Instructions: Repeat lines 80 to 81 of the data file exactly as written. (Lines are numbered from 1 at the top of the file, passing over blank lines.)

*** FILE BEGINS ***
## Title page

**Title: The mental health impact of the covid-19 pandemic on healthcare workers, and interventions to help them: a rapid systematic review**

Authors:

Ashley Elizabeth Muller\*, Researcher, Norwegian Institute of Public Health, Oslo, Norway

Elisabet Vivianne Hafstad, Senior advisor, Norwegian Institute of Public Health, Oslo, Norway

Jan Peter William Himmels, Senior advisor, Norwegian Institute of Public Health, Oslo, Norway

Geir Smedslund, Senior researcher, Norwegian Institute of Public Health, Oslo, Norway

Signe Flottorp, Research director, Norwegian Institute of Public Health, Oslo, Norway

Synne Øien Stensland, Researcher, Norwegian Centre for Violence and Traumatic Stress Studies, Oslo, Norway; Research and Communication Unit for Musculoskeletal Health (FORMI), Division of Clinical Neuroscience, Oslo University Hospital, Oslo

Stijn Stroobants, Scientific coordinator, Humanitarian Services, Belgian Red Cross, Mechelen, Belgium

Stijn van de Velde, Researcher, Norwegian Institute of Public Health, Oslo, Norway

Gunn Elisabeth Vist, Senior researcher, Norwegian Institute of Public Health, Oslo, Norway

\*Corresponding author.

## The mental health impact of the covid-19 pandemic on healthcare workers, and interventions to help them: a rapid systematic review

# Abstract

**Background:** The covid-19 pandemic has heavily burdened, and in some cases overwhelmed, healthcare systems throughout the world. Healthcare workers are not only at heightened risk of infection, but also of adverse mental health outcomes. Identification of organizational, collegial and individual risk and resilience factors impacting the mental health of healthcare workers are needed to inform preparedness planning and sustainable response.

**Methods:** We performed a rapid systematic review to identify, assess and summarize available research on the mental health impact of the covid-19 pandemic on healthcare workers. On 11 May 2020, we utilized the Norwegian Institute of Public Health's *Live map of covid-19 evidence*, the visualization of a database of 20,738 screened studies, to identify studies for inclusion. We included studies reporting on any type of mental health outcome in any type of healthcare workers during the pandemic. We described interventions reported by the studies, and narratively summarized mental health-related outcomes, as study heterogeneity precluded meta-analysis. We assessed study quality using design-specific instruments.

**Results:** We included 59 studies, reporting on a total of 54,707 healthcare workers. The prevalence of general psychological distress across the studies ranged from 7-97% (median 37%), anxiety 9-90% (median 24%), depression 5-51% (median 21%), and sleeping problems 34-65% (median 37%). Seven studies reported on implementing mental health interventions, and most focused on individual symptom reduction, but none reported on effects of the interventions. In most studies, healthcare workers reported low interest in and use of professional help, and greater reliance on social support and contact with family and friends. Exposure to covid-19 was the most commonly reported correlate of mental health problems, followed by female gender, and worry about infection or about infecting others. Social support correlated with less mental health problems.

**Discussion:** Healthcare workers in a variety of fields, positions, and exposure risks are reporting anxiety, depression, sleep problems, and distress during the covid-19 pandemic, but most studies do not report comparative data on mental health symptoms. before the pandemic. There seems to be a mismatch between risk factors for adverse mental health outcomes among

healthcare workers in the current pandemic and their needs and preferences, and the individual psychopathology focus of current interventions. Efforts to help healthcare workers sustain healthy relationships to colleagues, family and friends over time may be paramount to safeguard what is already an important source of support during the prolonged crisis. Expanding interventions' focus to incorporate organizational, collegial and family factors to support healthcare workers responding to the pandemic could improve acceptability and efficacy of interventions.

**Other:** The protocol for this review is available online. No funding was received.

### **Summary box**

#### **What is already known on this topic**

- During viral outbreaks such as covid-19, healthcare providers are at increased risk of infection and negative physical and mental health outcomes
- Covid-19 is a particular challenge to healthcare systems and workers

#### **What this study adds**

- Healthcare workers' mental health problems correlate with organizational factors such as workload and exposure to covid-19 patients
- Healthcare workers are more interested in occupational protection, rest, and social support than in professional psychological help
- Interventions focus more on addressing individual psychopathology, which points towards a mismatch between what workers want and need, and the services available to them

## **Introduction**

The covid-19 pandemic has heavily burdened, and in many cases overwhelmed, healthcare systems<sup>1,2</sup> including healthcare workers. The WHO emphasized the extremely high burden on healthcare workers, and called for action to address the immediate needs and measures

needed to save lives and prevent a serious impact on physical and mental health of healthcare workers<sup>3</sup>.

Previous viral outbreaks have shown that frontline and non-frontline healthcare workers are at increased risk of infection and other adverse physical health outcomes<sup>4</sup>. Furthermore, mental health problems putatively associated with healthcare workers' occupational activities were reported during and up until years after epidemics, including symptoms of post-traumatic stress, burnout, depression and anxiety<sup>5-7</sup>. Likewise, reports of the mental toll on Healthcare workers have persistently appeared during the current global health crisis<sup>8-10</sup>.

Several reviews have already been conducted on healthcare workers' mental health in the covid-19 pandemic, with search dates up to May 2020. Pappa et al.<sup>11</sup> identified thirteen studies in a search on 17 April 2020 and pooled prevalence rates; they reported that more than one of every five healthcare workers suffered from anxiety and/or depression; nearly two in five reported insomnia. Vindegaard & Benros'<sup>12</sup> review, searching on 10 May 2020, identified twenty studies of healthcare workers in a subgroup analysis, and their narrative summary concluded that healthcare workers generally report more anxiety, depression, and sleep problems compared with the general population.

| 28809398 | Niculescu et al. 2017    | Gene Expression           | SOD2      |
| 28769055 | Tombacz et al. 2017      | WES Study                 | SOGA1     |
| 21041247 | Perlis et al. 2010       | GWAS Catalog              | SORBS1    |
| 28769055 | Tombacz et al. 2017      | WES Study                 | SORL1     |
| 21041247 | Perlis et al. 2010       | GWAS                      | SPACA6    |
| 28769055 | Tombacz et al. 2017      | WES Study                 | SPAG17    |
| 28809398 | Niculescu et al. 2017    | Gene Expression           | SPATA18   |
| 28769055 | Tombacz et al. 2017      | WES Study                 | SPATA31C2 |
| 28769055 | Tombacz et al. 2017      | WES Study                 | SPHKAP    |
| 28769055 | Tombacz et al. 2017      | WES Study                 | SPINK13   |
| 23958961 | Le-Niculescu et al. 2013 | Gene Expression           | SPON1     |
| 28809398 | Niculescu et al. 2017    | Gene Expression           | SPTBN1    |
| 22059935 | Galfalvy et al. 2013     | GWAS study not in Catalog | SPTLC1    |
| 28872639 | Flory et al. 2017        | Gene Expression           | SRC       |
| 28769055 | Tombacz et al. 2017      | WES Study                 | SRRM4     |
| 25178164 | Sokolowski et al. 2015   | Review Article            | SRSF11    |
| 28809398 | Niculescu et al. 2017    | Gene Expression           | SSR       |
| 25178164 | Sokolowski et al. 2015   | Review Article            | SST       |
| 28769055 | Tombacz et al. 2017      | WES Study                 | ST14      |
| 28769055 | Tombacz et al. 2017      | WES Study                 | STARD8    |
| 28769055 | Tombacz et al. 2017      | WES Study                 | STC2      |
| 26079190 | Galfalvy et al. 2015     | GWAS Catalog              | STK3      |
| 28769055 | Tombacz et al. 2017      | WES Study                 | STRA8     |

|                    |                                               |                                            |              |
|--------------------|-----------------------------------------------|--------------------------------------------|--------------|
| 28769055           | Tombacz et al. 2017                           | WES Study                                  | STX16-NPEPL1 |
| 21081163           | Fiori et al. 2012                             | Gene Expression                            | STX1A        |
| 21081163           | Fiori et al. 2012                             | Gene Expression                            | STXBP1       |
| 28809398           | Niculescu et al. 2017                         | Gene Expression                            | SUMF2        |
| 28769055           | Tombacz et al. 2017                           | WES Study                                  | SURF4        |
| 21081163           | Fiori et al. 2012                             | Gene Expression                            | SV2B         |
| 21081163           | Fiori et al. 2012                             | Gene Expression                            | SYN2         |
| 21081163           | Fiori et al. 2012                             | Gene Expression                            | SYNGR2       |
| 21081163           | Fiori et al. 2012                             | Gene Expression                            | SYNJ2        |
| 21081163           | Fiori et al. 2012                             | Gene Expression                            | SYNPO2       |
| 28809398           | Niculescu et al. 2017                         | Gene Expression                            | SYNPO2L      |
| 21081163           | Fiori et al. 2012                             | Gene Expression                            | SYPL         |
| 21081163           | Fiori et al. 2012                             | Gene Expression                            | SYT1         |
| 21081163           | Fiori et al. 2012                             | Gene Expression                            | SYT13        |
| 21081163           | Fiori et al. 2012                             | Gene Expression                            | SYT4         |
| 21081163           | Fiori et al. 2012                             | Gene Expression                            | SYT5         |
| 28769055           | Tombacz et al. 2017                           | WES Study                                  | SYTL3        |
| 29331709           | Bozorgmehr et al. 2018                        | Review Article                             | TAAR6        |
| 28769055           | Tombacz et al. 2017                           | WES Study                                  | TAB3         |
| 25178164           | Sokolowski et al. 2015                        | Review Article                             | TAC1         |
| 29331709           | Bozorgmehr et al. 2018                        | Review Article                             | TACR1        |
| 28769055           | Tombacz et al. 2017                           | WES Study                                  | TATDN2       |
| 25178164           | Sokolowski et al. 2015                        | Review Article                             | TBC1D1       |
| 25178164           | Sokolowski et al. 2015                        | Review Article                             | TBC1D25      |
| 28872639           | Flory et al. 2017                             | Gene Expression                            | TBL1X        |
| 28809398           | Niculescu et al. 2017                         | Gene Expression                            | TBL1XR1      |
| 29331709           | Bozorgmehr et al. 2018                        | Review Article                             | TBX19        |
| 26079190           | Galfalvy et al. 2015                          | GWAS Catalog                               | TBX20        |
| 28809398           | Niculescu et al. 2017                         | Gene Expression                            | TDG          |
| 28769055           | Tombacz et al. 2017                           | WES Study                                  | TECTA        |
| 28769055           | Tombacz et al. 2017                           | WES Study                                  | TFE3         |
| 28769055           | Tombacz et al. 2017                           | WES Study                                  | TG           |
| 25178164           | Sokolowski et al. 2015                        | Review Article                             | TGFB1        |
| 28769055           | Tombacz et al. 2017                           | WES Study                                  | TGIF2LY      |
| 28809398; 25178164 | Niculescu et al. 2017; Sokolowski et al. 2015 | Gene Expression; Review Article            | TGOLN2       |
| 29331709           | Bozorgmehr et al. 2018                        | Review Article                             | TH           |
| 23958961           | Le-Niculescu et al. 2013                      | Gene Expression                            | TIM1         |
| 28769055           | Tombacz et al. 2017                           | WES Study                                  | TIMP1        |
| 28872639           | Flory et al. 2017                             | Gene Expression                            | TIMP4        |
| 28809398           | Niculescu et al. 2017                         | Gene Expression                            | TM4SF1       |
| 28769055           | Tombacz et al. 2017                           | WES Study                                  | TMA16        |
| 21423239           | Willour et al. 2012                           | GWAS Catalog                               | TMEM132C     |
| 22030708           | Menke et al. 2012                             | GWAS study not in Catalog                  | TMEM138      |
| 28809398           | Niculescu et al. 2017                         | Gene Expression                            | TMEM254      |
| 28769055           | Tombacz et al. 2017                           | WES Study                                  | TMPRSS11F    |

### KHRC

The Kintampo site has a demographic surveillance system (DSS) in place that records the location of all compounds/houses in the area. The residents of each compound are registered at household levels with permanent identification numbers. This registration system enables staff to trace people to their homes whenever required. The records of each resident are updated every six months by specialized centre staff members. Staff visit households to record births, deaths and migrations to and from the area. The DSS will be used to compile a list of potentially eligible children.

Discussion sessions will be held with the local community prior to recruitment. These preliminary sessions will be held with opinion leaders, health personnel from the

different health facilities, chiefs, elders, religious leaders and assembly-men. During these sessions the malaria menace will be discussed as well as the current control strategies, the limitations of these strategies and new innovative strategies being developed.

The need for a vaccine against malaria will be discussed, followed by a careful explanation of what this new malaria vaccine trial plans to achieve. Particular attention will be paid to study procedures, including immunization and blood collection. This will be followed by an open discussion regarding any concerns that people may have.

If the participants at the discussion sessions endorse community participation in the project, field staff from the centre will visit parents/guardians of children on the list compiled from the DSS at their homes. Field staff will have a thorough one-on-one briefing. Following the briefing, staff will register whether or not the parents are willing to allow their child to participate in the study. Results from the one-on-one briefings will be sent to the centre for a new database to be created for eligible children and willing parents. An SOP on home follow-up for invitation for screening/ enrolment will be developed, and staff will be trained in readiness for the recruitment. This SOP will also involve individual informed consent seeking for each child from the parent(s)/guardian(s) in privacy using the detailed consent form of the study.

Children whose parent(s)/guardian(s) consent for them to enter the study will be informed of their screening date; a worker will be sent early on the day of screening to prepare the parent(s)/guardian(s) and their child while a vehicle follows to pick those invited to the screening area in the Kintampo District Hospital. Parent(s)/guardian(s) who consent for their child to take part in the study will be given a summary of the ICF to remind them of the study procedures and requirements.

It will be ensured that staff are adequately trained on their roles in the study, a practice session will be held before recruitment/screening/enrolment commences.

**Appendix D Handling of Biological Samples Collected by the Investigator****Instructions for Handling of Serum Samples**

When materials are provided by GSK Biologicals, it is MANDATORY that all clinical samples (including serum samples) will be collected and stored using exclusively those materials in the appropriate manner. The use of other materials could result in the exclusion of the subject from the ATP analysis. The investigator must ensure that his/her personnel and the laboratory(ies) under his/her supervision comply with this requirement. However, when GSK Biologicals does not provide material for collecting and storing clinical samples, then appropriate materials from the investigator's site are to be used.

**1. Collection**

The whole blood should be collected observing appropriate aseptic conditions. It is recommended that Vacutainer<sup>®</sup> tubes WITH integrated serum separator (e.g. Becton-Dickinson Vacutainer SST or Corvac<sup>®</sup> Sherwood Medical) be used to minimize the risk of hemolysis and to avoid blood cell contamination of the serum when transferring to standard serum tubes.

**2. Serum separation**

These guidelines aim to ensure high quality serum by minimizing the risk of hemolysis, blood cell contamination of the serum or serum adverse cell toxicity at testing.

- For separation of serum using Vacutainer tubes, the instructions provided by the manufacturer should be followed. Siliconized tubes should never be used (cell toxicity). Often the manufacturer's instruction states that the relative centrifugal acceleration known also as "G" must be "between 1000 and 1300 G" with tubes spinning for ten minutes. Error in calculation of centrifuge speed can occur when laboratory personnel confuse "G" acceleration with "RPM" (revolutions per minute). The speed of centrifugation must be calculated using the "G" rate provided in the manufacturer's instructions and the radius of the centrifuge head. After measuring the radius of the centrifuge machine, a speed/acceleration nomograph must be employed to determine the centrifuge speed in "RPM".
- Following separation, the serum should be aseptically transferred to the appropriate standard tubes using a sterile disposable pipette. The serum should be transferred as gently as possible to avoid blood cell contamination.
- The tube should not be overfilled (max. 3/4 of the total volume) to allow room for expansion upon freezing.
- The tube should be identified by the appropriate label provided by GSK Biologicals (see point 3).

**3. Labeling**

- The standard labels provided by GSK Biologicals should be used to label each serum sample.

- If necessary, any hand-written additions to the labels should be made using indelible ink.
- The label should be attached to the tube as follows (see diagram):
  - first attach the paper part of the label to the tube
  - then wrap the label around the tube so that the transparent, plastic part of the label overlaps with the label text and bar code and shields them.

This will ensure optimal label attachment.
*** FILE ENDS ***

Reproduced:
| 29331709           | Bozorgmehr et al. 2018                        | Review Article                             | TACR1        |
| 28769055           | Tombacz et al. 2017                           | WES Study                                  | TATDN2       |